you to see every part of it. And so I
went to the meetings. I sat on the calls, I
took notes, I asked questions. Then when a few years later,
I said, what if we actually worked together and said,

that's Alison and we took it to our parents. I
think I may have thought it was my idea, but
I think he might have been maneuvering a few things
behind the scenes along the way.

Speaker 1 (09:03):
Allison, were you receptive right away to this concept?

Speaker 5 (09:06):
It just came at the perfect time for me.

Speaker 2 (09:09):
I was having like some frustrations around like where I was,
and I felt like I really needed to focus in
on the track part of things, and I needed to
be able to trust whoever I was working with to
do all the other stuff, and so it was just
kind of like, yeah, the perfect timing for us to
do this.

Speaker 1 (09:27):
There are times, Wes when an agent tests to tell
a client to superstar athlete what to do, what not
to do. Has that been difficult along the way.

Speaker 3 (09:39):
You know, It's really interesting because not so much with Alison,
it's been okay. I've had been fortunate enough to represent
a couple of other superstar athletes and it was really
challenging with them, and I almost, you know, in my head,
I thought it would have been the flip the reverse,
thought it would have been much harder to tell Alison
the hard things, but it wasn't. It was much harder

to tell some of the other clients the hard things.

Speaker 4 (10:01):
And I think I was.

Speaker 3 (10:02):
Just a little bit more used to her disappointment process,
her frustration process, and I think I was more used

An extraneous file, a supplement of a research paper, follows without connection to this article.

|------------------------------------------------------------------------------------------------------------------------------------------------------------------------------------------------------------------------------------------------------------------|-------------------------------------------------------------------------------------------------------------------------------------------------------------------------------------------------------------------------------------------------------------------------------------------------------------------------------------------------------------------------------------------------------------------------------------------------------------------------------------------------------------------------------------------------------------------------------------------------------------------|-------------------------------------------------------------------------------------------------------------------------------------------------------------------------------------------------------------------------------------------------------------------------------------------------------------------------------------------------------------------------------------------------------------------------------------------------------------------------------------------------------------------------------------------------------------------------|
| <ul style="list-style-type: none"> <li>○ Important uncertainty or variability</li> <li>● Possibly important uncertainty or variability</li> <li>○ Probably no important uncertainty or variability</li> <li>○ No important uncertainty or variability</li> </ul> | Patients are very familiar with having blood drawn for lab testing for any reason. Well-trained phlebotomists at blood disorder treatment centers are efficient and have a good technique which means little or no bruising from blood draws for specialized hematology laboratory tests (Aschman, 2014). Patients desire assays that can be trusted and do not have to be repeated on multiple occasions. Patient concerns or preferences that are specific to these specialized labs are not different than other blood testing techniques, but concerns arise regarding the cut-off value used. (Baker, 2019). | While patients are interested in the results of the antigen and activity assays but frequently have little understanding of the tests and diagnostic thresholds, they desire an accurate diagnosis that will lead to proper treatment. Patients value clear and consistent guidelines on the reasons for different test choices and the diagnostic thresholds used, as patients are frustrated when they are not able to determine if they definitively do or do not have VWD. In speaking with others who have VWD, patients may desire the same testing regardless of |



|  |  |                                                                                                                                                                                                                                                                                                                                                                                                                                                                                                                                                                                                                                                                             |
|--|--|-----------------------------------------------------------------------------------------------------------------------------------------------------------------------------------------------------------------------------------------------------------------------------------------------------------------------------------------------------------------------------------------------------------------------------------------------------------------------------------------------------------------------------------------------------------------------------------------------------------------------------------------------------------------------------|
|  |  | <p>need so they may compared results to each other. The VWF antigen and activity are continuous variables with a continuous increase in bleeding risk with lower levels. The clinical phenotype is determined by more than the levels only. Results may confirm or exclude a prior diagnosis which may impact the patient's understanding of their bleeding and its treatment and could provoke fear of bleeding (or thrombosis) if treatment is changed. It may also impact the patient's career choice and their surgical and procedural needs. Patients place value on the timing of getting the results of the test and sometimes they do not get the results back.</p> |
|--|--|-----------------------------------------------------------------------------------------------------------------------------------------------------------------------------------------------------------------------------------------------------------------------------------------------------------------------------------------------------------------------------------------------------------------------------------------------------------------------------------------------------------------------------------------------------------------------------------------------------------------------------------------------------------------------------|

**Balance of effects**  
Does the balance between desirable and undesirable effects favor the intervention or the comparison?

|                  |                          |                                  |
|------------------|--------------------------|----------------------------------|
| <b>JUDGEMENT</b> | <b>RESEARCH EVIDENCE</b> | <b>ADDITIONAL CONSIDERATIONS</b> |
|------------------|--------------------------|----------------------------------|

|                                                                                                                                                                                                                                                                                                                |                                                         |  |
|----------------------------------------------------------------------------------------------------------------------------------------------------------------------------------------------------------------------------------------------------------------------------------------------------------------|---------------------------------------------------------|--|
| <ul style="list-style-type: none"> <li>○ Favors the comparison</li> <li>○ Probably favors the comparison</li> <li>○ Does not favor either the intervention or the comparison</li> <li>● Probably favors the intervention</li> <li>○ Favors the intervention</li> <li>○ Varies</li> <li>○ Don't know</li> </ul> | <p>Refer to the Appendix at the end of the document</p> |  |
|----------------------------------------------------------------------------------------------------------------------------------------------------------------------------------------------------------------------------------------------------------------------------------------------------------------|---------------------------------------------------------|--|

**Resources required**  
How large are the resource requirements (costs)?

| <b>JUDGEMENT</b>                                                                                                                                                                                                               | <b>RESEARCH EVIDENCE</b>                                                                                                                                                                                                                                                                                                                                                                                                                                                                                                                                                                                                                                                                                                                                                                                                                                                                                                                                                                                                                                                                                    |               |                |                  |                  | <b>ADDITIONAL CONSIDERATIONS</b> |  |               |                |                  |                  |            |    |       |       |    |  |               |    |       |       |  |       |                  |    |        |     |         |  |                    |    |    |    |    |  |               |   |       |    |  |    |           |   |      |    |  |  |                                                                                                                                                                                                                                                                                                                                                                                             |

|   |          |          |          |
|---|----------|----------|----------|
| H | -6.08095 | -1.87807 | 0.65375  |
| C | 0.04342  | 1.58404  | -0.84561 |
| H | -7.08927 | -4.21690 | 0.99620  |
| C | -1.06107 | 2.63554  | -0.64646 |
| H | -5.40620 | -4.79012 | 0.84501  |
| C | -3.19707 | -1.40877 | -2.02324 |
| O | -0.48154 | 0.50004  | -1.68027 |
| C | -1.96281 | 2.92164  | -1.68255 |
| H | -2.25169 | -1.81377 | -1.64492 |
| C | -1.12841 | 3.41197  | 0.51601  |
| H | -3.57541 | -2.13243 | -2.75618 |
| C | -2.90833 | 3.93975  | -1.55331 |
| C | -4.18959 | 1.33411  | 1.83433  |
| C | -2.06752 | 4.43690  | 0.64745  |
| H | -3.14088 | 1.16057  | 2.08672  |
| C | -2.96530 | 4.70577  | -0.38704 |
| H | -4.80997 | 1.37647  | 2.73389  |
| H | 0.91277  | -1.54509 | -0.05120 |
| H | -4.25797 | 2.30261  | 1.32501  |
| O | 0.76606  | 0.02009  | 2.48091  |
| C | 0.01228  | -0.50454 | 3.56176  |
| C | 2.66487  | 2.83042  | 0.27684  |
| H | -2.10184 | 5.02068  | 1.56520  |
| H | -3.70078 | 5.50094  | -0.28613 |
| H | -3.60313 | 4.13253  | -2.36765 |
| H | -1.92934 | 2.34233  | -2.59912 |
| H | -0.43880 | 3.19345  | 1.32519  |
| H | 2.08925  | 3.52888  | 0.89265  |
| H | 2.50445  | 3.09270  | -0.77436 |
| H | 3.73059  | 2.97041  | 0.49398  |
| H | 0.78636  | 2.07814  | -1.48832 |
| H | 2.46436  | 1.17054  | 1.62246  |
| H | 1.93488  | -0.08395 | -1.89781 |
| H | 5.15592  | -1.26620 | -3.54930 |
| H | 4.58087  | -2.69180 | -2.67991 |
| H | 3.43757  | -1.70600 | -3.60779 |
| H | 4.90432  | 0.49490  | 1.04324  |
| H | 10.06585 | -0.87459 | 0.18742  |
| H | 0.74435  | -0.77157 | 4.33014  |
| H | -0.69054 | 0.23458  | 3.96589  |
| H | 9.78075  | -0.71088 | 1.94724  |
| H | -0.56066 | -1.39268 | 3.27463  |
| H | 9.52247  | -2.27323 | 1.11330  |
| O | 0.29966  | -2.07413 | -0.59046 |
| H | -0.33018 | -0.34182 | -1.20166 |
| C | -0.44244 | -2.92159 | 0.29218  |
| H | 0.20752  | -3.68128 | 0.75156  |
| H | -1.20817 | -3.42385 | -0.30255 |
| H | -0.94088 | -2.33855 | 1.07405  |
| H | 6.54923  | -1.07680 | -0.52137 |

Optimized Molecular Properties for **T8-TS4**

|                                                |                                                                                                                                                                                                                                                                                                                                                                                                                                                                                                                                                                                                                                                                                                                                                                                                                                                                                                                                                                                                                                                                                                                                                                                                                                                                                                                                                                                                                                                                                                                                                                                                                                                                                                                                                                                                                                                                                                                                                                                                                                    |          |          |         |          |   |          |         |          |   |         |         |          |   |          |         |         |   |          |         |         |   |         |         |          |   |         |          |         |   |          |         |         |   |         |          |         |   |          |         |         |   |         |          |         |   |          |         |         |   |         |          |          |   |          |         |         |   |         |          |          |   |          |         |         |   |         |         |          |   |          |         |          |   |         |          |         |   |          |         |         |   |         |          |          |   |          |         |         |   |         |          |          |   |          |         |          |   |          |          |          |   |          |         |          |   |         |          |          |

to knowing this will just take time. So I knew
how to kind of let that be and know that
I could say the hard thing and that she knew
not only did I love her as a brother, but
I wanted what was best for her and for her career.

So it wasn't too too bad, but it was scary
at times, you know, especially at the beginning, when you
had to say the thing that you knew she didn't
want to hear.

Speaker 1 (10:32):
Allison, do you remember a specific example when Wes may
have told you something and you vehemently disagreed with him,
and you even tried to do it your way and
he said, no, just listen to me, trust me on this.

Speaker 2 (10:44):
I feel like the hardest moments were really around when
I was much older, you know, when I was dealing
with having a child and with Nike, and I think
those were kind of some of the hardest moments of
just communicating a lot of things that I felt like
very disrespected with. And so it wasn't necessarily that we disagreed,
but it was he was delivering information that was really

devastating to me, and so that was probably, I feel
like the most challenging kind of phase.

Speaker 3 (11:14):
There were times when my advice was we just need
to sit tight, and I think that that's really hard,
especially if you're at a point where you're out of contract,
money's not coming in, You're not sure if money is
going to come in, and for the advice to.

Speaker 4 (11:30):
Be trust me, sit tight. Here's what we're doing.

Speaker 3 (11:33):
And Allison and I would talk a lot about as
an individual athlete trying to negotiate a deal with a
large sports apparel company. You don't have leverage. That company
doesn't need you. Their business is still going to work